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By D. Shayne Christie
Arizona Daily Wildcat
November 3, 1997

Regents approve AIC relocation


Arizona Daily Wildcat

Celestino Fernández

A unanimous vote of the Arizona Board of Regents Friday decided the future of AIC: The school will be renamed and moved to the UA main campus.

Friday's vote came after a show of support Thursday from students and faculty of Arizona International Campus of the UA.

"The students and faculty would say they were on a perilous course, and now they are in an incubator," UA president Peter Likins said.

AIC will move to UA main campus and take on a new name, Arizona International College, in summer 1998, said Celestino Fernández, executive vice president and provost of the fledgling branch campus.

Last week's board meeting was the first for the newly appointed President Likins, who characterized it as, "very exciting and more dramatic than at a private institution," like his former school, Lehigh University in Pennsylvania.

Despite what AIC faculty called "negative press" about AIC, the campus was given the most favorable recommendation possible by the Commission on Institutions of Higher Education, which accredits colleges and universities.

In November of last year, the commission visited the school as the first step in AIC achieving separate accreditation. AIC is fully accredited through its relationship with the UA.

The commission identified a lack of funding as a major challenge facing the school.

"The reason we requested the change (move to UA) was because we were not receiving funding from the state," Fernández said, explaining that of $5 million requested the campus only received $2.2 million.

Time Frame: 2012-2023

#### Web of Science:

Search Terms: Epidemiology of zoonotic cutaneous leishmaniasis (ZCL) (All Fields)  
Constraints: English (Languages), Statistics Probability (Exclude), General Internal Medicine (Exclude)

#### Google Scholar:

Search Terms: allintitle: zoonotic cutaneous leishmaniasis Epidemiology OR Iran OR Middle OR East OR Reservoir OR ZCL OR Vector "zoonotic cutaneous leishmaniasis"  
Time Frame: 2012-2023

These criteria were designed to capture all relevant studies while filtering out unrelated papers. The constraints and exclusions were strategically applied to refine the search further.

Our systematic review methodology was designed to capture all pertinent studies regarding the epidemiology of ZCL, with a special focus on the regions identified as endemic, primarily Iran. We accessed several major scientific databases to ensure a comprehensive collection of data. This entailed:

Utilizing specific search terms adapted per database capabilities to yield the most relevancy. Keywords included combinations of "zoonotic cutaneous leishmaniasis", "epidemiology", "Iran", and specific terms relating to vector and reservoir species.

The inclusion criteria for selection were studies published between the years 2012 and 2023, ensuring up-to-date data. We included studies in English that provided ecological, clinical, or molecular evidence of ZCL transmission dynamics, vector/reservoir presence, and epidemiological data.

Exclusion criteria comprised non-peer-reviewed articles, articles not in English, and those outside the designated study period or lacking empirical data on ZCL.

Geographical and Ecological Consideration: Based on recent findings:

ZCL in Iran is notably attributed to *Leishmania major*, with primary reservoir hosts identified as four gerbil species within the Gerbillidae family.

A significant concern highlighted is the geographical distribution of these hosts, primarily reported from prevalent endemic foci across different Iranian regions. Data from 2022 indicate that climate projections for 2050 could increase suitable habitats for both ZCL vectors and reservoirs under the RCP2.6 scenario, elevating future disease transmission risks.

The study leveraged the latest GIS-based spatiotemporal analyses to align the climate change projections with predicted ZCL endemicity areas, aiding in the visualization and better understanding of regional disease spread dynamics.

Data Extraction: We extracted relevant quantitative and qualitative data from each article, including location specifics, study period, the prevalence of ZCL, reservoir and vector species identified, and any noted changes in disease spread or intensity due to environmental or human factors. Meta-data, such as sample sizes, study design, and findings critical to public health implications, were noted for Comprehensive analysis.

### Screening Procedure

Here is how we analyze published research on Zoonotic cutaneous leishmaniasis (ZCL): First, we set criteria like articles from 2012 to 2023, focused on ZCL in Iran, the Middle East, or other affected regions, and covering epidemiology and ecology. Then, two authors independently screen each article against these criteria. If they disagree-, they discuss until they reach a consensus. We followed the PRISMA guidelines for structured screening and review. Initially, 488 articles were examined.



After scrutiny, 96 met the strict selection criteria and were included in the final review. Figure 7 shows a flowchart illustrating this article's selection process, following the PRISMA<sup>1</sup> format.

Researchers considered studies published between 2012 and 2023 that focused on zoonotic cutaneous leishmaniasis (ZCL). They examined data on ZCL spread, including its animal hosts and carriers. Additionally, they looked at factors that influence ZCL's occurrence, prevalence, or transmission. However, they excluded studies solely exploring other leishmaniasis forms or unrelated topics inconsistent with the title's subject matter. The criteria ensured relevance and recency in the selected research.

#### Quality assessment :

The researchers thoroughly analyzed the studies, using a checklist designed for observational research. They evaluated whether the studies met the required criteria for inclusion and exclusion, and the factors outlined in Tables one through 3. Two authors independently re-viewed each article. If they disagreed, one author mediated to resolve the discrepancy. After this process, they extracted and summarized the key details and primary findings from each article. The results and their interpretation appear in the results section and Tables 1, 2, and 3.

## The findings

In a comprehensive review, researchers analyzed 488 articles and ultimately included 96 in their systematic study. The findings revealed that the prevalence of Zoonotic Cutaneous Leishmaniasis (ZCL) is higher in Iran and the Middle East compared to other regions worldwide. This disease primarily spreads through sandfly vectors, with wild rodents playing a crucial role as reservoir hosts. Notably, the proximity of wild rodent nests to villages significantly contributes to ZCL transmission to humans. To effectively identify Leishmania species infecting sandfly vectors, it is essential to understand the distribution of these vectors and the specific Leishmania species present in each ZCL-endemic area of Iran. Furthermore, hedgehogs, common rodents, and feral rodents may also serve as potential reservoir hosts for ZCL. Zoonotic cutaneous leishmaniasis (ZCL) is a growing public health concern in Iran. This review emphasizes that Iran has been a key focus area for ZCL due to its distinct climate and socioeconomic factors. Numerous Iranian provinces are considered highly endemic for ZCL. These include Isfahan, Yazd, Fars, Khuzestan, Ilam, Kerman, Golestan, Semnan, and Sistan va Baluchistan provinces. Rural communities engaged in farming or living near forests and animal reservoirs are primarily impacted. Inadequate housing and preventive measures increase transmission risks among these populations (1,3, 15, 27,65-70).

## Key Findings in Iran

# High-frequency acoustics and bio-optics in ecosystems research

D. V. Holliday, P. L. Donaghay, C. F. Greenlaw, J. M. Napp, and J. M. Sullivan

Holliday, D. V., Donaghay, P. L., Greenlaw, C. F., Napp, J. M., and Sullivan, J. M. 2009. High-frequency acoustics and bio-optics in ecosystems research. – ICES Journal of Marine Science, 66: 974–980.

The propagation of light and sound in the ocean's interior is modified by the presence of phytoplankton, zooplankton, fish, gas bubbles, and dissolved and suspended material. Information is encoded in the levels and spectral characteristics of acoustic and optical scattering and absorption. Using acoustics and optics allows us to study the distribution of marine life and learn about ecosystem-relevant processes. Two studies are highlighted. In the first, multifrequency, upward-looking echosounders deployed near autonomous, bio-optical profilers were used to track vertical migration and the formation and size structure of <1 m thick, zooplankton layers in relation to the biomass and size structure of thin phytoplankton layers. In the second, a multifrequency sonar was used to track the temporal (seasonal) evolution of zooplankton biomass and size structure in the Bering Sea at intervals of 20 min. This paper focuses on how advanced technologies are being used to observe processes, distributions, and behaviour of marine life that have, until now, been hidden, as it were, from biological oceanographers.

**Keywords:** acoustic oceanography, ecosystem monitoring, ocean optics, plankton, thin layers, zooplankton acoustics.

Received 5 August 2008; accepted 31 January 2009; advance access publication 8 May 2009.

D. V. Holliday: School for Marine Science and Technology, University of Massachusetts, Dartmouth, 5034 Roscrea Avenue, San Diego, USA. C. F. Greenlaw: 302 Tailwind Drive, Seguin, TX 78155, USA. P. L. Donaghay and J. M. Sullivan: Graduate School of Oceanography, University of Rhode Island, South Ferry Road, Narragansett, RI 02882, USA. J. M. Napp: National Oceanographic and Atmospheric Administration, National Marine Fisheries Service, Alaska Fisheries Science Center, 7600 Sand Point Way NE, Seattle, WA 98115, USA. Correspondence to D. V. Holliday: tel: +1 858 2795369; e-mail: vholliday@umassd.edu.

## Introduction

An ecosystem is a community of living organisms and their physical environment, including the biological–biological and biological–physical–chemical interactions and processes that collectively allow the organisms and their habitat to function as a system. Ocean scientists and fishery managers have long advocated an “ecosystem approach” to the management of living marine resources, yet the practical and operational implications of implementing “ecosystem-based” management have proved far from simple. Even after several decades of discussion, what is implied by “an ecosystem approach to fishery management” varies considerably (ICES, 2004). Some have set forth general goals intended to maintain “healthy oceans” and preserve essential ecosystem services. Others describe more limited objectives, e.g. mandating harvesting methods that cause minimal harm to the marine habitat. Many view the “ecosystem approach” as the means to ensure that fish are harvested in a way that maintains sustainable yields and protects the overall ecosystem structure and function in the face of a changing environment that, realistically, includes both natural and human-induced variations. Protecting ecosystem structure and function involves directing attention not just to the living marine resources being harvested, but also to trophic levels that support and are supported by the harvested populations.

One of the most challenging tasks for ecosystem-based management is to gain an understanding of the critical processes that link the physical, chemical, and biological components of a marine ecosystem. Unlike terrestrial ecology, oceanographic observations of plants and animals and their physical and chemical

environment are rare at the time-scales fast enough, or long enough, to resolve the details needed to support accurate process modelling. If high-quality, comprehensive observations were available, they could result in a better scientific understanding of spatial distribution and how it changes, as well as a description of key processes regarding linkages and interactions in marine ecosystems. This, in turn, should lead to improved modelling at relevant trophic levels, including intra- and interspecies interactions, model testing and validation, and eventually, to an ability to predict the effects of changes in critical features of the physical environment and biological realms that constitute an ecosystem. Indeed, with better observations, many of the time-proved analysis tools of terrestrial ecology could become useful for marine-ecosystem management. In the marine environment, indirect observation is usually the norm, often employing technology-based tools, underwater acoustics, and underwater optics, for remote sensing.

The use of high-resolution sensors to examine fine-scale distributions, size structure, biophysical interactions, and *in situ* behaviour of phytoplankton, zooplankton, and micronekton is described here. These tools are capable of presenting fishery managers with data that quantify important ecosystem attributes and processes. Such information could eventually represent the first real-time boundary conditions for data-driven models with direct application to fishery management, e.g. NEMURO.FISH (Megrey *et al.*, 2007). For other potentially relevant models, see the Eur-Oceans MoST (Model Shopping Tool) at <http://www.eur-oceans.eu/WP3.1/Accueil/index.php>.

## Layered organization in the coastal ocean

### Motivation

The UA had to loan AIC $950,000 during the summer to help make up the difference.

"The move to UA makes a great deal of sense," Fernández said.

Students and faculty said they look forward to using UA facilities like the Student Recreation Center and the Main Library.

The collocation of AIC and the UA will mean increased interaction between the faculty that "should result in better understanding," he said.

Fernández added that AIC will likely be located north of Speedway Boulevard in modular classrooms. The students could live in Babcock Inn, 1717 E. Speedway Blvd., and classes could also be taught in the nursing and pharmacy colleges.

Fernández stressed that the move is still in the planning stages.

AIC was conceived to accommodate a bulge in Arizona's college-bound population, he said. Before AIC there were no small liberal arts schools available to Arizona students, who may move out-of-state to find just that.

However, statewide enrollment did not increase as expected and AIC's enrollment has grown to just 106.

While AIC low enrollment has drawn scrutiny from UA faculty and the state legislature, the commission saw potential in the small campus.

"The evaluation team believes strongly that AIC has an appropriate mission and model to evolve into a strong, innovative institution for the 21st century," according to the CIHE report.

The evaluation team identified 23 strengths, including the involvement of students on AIC teams and a strong and creative curriculum.

Also identified were 11 challenges the school faces.

Among those challenges: The need to clarify future faculty contracts and, "the need for protection against outside interference and undue scrutiny of AIC's evolution."

"More are enrolled (at AIC) than ever before," said Regent John Munger who has often spoken in favor of the branch campus. AIC has received 215 applications from interested students this semester - more than ever before.

Some students and faculty agreed with the commissions findings.

Cynthia Soria, an undeclared AIC sophomore, said the bad press made the school look bad and hoped people who oppose the institution would at least visit it.

"They have never been here and there is something real positive happening here," said AIC Professor Melissa Lockhart, who added UA President Likins had been excited about AIC since he first heard about the concept.

The school's future was never in jeopardy, she said.

In other business Friday the Board of Regents also:

Gave initial approval to $9 million worth of improvements to the Main Library.

Discussed, but did not vote on, new undergraduate admissions requirements for 1998.

Approved consolidating the programs of landscape architecture and planning into the architecture college, which will be renamed next month according to Mary Kay Dinsmore, the architecture college's development officer.

Dinsmore said she did not know what the new name will be.

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